While we're very excited about many aspects of the contest, the best part is that everyone can participate. Contestants must meet the eligibility requirements, but anyone interested in helping out can simply suggest a task to be included in the contest. Our contestants have a chance to win t-shirts, cash prizes, and a visit the Googleplex for a day of technical talks, delicious food and a photo with our very own Stan T. Rex.
Want to learn more? Check out the contest FAQs and tell your favorite pre-college students to pick a task or two to complete. You can always visit our discussion group to get help or share your thoughts.
In this crazy Web 2.0 world, it's all about one thing: the user. It's about what the user wants from your site, and what the user can contribute to your site. That's particularly true about map sites - the world is a big complicated place full of users who are experts on the 10 mile radius around them. That's part of the reason why maps.google.com added user-created maps, geocode editing, and local business reviews this year. Now, the question pulsing through your mind is probably: "How can I get in on some of this user-contributed action??" Good news, we have an answer!
Our latest article, "Creating a User-Contributed Map with PHP and Google Spreadsheets" describes what's necessary to set up a shared Community Map application. The article takes you through the steps of registering a user, logging in a user, letting users add map places, and creating the map. The article uses Google Spreadsheets for a pseudo-database and the PHP client library to perform HTTP operations, giving you the advantage of a nice frontend for database editing/viewing (spreadsheets.google.com) and a database that's not dependent on a particular hosting provider. However, those of you who are more comfortable with PHP/MySQL should be able to read through the article and apply the same principles to a MySQL database instead. As always, please post in the forum with questions.
Official Google Maps API Blog: Is Google Maps in your neck of the woods? A new, interactive way to find out!Posted by Pamela Fox, Maps API Team
The good news: here at Google, we're constantly increasing their map coverage internationally: pushing out new tile updates, geocoding/routing data, local business results, etc. The bad news: it's not easy keeping up with the coverage and remembering where we have what. I can barely keep track, and it's my job. :)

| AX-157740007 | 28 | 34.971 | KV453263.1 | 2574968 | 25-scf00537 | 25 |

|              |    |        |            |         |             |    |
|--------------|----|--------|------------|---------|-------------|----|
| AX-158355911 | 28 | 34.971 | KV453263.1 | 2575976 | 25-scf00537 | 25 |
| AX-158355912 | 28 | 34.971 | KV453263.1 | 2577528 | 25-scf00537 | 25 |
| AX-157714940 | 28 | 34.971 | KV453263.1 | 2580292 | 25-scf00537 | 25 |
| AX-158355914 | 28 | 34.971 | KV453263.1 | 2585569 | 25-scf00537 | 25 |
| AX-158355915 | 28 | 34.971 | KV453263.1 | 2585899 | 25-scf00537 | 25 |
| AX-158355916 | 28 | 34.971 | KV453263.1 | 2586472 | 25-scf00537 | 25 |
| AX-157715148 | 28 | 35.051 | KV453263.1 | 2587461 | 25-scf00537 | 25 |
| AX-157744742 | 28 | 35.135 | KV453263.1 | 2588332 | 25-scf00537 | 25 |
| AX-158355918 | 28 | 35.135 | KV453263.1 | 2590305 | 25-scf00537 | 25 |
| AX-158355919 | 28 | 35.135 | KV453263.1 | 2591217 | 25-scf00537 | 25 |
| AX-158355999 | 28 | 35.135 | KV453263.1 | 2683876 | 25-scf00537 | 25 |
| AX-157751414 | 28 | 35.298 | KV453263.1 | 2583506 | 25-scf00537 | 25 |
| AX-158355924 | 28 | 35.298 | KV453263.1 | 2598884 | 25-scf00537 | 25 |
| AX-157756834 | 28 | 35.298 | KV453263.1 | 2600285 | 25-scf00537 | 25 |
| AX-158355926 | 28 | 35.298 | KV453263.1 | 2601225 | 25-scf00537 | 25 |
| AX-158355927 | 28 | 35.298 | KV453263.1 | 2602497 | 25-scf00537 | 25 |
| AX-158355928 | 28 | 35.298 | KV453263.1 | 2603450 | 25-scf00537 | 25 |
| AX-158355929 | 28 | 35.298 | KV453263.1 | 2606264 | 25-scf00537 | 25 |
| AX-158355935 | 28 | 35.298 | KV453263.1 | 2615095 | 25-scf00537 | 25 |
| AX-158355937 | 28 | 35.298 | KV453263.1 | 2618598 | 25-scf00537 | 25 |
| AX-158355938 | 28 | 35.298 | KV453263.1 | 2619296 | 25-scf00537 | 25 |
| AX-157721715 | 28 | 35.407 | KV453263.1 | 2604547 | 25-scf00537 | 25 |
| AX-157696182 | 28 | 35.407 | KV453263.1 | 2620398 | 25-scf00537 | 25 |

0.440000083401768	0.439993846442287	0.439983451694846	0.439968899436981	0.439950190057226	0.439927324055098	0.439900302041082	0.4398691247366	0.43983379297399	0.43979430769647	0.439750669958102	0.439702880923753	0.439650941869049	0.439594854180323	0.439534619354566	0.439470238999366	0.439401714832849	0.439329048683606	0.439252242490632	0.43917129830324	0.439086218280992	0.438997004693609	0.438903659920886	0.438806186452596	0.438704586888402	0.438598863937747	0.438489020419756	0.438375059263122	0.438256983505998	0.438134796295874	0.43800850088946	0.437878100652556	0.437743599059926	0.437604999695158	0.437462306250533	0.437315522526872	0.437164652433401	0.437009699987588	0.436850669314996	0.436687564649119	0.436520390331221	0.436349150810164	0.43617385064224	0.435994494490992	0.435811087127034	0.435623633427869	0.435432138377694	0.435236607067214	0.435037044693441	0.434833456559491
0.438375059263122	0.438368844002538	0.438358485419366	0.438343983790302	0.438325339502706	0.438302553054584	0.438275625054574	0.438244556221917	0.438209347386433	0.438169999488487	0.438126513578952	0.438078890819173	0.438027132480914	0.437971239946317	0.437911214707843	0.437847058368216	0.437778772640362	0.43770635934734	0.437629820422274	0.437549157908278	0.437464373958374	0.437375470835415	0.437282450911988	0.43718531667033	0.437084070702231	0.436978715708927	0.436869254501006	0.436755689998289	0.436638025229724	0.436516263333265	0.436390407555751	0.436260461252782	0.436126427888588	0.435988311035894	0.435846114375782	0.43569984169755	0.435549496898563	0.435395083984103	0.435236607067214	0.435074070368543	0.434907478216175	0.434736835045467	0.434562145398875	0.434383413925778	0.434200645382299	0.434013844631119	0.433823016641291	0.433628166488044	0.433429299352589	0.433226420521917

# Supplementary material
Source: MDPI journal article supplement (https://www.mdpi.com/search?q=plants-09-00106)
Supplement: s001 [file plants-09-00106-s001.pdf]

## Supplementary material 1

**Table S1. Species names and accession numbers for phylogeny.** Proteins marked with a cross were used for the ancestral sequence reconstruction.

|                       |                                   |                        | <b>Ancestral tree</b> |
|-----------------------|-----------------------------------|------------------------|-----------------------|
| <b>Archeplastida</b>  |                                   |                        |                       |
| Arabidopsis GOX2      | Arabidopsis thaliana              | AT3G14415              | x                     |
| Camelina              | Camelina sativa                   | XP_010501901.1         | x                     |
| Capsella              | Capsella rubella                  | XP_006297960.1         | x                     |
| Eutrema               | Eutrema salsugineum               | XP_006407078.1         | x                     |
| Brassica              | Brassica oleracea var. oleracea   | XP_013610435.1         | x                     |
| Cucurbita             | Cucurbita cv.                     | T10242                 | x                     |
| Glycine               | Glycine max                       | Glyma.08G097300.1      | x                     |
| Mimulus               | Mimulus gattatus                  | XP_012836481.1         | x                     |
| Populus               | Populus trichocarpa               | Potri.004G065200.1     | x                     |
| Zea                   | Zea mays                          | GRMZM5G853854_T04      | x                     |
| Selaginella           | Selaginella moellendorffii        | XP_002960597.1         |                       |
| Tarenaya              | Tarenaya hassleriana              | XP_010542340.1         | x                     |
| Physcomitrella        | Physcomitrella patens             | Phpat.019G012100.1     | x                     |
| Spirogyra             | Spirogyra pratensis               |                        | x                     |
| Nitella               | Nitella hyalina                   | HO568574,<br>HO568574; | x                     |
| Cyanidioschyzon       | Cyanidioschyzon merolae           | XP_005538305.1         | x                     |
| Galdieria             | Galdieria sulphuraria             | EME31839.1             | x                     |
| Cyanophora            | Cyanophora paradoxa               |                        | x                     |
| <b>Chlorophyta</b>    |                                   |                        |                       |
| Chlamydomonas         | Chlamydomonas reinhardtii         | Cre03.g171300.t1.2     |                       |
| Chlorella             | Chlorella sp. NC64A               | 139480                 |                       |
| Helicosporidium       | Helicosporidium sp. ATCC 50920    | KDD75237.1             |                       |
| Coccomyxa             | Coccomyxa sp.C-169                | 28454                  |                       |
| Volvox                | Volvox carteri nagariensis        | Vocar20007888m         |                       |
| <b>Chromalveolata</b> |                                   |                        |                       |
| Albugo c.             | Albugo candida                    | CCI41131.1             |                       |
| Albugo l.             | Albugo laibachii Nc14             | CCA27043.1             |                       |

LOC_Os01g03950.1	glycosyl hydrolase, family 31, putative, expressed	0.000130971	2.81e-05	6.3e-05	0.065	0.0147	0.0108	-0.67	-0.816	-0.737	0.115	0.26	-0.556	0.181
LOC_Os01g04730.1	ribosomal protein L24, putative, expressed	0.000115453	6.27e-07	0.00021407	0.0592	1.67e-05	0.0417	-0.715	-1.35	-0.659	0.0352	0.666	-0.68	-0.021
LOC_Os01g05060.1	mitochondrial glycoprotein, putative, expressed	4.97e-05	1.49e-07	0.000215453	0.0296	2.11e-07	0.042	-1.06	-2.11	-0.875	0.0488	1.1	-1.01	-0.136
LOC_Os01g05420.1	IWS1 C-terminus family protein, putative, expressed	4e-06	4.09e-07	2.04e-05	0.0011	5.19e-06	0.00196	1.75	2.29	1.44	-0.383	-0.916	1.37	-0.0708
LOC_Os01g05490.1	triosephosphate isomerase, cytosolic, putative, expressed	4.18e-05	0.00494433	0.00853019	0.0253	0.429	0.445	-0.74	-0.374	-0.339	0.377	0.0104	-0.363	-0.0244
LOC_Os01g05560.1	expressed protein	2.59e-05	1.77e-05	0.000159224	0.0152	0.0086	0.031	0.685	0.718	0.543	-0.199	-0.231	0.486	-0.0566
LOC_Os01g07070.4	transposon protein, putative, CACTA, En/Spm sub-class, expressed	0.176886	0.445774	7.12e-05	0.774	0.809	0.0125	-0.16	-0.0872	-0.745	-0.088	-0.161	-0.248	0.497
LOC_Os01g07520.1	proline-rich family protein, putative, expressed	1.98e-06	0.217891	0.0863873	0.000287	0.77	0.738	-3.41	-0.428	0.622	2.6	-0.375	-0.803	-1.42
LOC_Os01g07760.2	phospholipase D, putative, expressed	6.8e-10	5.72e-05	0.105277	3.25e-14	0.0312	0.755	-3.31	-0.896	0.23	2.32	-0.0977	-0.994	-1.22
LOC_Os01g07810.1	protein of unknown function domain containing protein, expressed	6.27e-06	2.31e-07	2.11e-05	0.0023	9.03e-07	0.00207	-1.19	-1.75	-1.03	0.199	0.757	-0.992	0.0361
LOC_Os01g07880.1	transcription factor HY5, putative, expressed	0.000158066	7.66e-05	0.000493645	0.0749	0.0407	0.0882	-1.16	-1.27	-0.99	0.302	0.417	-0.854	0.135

So, we've collaborated on a spreadsheet that details our coverage for every country where we have anything, and hooked it up to a nifty auto-filter mechanism so that you can quickly answer questions like:
- Which countries have map tiles and local business results?
- Which countries have localized map controls?
- Which countries have driving directions and geocoding? (shown below)
The FAQ item pointing to the spreadsheet is here, the auto-filterable spreadsheet is here, and for good measure, the published spreadsheet is here. Please post in the forum if you have any questions or suggestions for improving the spreadsheet. Now, go forth and make internationally relevant mashups!
Recently in the New York Times, we placed a small graphic as part of a Google Print Ad. You aren't looking at one of those eye focus games (It's a sailboat! Or a shark!) but a two-dimensional barcode. Those of us who already know what it is pulled out our phones and "clicked" it with the camera, and were connected to the advertiser's web site. "Wha?", you say? See http://www.google.com/printads/barcode. While this kind of thing has been a common sight in Asia for years, this ad is one of many signs that the technology is arriving in Europe and North America.
But Advertising is only part of the story here. Engineering is also involved and we want to improve the quality and availability of barcode reader software available to developers and end users. So today I would like to announce the "ZXing" (from: "zebra crossing") project, an open-source, Java, multi-format 1D/2D barcode reader which can be built into a reader application for Java and Java ME -- and later, Android.
This project began as a 20% project and is not yet complete, so opening it up is a bit of an experiment. It's not yet the Best Barcode Reader Ever, but it's looking pretty good. For now we want to find those those who can make use of and help improve what's here, so that those good ideas are shared to all developers and everybody wins.
Developers can find the ZXing project on Google Code, and we hope you'll join us on our Google Group and tell us about what you like and don't like about the code.